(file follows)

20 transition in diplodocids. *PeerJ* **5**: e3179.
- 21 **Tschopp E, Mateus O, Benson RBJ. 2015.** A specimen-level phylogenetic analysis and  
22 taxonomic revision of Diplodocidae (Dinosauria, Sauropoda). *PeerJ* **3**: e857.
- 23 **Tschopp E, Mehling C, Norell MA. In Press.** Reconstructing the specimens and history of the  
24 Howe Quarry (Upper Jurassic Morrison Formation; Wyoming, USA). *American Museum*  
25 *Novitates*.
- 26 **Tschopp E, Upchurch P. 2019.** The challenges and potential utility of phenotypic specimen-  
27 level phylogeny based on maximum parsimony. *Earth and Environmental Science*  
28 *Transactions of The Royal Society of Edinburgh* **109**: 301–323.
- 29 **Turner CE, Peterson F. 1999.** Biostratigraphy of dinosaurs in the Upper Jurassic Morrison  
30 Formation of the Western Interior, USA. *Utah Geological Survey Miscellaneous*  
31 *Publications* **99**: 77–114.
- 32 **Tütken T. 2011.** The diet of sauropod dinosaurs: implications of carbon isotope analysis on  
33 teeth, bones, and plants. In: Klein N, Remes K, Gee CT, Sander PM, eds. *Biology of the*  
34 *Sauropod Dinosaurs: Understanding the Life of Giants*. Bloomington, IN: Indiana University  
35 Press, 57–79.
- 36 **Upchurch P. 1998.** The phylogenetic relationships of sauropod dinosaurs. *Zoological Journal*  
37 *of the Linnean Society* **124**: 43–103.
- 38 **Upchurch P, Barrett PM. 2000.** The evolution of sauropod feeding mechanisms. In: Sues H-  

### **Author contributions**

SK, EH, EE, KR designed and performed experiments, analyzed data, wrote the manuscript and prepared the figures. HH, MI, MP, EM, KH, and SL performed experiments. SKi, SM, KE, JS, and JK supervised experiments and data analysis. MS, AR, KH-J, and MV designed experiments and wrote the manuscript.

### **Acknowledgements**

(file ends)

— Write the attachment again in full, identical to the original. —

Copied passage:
20 transition in diplodocids. *PeerJ* **5**: e3179.
- 21 **Tschopp E, Mateus O, Benson RBJ. 2015.** A specimen-level phylogenetic analysis and  
22 taxonomic revision of Diplodocidae (Dinosauria, Sauropoda). *PeerJ* **3**: e857.
- 23 **Tschopp E, Mehling C, Norell MA. In Press.** Reconstructing the specimens and history of the  
24 Howe Quarry (Upper Jurassic Morrison Formation; Wyoming, USA). *American Museum*  
25 *Novitates*.
- 26 **Tschopp E, Upchurch P. 2019.** The challenges and potential utility of phenotypic specimen-  
27 level phylogeny based on maximum parsimony. *Earth and Environmental Science*  
28 *Transactions of The Royal Society of Edinburgh* **109**: 301–323.
- 29 **Turner CE, Peterson F. 1999.** Biostratigraphy of dinosaurs in the Upper Jurassic Morrison  
30 Formation of the Western Interior, USA. *Utah Geological Survey Miscellaneous*  
31 *Publications* **99**: 77–114.
- 32 **Tütken T. 2011.** The diet of sauropod dinosaurs: implications of carbon isotope analysis on  
33 teeth, bones, and plants. In: Klein N, Remes K, Gee CT, Sander PM, eds. *Biology of the*  
34 *Sauropod Dinosaurs: Understanding the Life of Giants*. Bloomington, IN: Indiana University  
35 Press, 57–79.
- 36 **Upchurch P. 1998.** The phylogenetic relationships of sauropod dinosaurs. *Zoological Journal*  
37 *of the Linnean Society* **124**: 43–103.
- 38 **Upchurch P, Barrett PM. 2000.** The evolution of sauropod feeding mechanisms. In: Sues H-  

### **Author contributions**

SK, EH, EE, KR designed and performed experiments, analyzed data, wrote the manuscript and prepared the figures. HH, MI, MP, EM, KH, and SL performed experiments. SKi, SM, KE, JS, and JK supervised experiments and data analysis. MS, AR, KH-J, and MV designed experiments and wrote the manuscript.

### **Acknowledgements**